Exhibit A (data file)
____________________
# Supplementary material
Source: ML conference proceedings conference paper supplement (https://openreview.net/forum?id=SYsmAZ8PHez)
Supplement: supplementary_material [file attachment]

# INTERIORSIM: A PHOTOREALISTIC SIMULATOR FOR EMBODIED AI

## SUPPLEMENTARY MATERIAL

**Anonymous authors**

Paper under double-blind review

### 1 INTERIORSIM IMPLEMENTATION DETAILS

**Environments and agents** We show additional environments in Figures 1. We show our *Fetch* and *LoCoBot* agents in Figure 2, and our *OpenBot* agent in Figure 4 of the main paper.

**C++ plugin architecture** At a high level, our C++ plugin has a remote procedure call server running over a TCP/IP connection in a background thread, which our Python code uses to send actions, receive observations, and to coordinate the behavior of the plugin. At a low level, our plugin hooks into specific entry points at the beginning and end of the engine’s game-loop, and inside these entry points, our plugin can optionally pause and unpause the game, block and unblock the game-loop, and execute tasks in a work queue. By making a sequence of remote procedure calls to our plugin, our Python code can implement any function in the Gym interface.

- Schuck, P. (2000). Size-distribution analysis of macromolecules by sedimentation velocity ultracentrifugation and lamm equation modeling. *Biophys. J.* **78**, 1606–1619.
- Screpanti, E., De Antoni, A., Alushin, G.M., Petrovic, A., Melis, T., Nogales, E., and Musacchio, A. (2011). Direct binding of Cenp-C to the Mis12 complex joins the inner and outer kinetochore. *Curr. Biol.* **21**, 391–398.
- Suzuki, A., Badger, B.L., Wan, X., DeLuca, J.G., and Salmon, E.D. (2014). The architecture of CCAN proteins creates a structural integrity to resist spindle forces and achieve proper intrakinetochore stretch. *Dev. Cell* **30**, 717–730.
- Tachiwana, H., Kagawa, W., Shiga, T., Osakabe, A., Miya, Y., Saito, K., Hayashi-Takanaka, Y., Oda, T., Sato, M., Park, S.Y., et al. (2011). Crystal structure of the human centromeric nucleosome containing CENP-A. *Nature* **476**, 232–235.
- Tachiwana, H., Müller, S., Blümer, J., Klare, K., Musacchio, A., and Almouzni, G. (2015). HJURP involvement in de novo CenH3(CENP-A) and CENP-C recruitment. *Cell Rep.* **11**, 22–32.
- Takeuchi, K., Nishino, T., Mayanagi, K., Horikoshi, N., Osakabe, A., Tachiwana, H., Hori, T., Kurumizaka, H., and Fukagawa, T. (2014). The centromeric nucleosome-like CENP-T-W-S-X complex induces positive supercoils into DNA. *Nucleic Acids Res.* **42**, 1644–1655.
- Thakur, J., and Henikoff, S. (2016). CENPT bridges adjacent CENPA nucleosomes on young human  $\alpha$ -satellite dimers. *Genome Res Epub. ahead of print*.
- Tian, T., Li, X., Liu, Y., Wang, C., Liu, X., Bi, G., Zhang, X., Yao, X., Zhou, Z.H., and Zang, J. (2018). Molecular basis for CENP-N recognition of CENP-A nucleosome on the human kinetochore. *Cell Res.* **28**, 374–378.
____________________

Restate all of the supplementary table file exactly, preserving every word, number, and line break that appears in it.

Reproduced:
# Supplementary material
Source: ML conference proceedings conference paper supplement (https://openreview.net/forum?id=SYsmAZ8PHez)
Supplement: supplementary_material [file attachment]

# INTERIORSIM: A PHOTOREALISTIC SIMULATOR FOR EMBODIED AI

## SUPPLEMENTARY MATERIAL

**Anonymous authors**

Paper under double-blind review

### 1 INTERIORSIM IMPLEMENTATION DETAILS

**Environments and agents** We show additional environments in Figures 1. We show our *Fetch* and *LoCoBot* agents in Figure 2, and our *OpenBot* agent in Figure 4 of the main paper.

**C++ plugin architecture** At a high level, our C++ plugin has a remote procedure call server running over a TCP/IP connection in a background thread, which our Python code uses to send actions, receive observations, and to coordinate the behavior of the plugin. At a low level, our plugin hooks into specific entry points at the beginning and end of the engine’s game-loop, and inside these entry points, our plugin can optionally pause and unpause the game, block and unblock the game-loop, and execute tasks in a work queue. By making a sequence of remote procedure calls to our plugin, our Python code can implement any function in the Gym interface.

- Schuck, P. (2000). Size-distribution analysis of macromolecules by sedimentation velocity ultracentrifugation and lamm equation modeling. *Biophys. J.* **78**, 1606–1619.
- Screpanti, E., De Antoni, A., Alushin, G.M., Petrovic, A., Melis, T., Nogales, E., and Musacchio, A. (2011). Direct binding of Cenp-C to the Mis12 complex joins the inner and outer kinetochore. *Curr. Biol.* **21**, 391–398.
- Suzuki, A., Badger, B.L., Wan, X., DeLuca, J.G., and Salmon, E.D. (2014). The architecture of CCAN proteins creates a structural integrity to resist spindle forces and achieve proper intrakinetochore stretch. *Dev. Cell* **30**, 717–730.
- Tachiwana, H., Kagawa, W., Shiga, T., Osakabe, A., Miya, Y., Saito, K., Hayashi-Takanaka, Y., Oda, T., Sato, M., Park, S.Y., et al. (2011). Crystal structure of the human centromeric nucleosome containing CENP-A. *Nature* **476**, 232–235.
- Tachiwana, H., Müller, S., Blümer, J., Klare, K., Musacchio, A., and Almouzni, G. (2015). HJURP involvement in de novo CenH3(CENP-A) and CENP-C recruitment. *Cell Rep.* **11**, 22–32.
- Takeuchi, K., Nishino, T., Mayanagi, K., Horikoshi, N., Osakabe, A., Tachiwana, H., Hori, T., Kurumizaka, H., and Fukagawa, T. (2014). The centromeric nucleosome-like CENP-T-W-S-X complex induces positive supercoils into DNA. *Nucleic Acids Res.* **42**, 1644–1655.
- Thakur, J., and Henikoff, S. (2016). CENPT bridges adjacent CENPA nucleosomes on young human  $\alpha$ -satellite dimers. *Genome Res Epub. ahead of print*.
- Tian, T., Li, X., Liu, Y., Wang, C., Liu, X., Bi, G., Zhang, X., Yao, X., Zhou, Z.H., and Zang, J. (2018). Molecular basis for CENP-N recognition of CENP-A nucleosome on the human kinetochore. *Cell Res.* **28**, 374–378.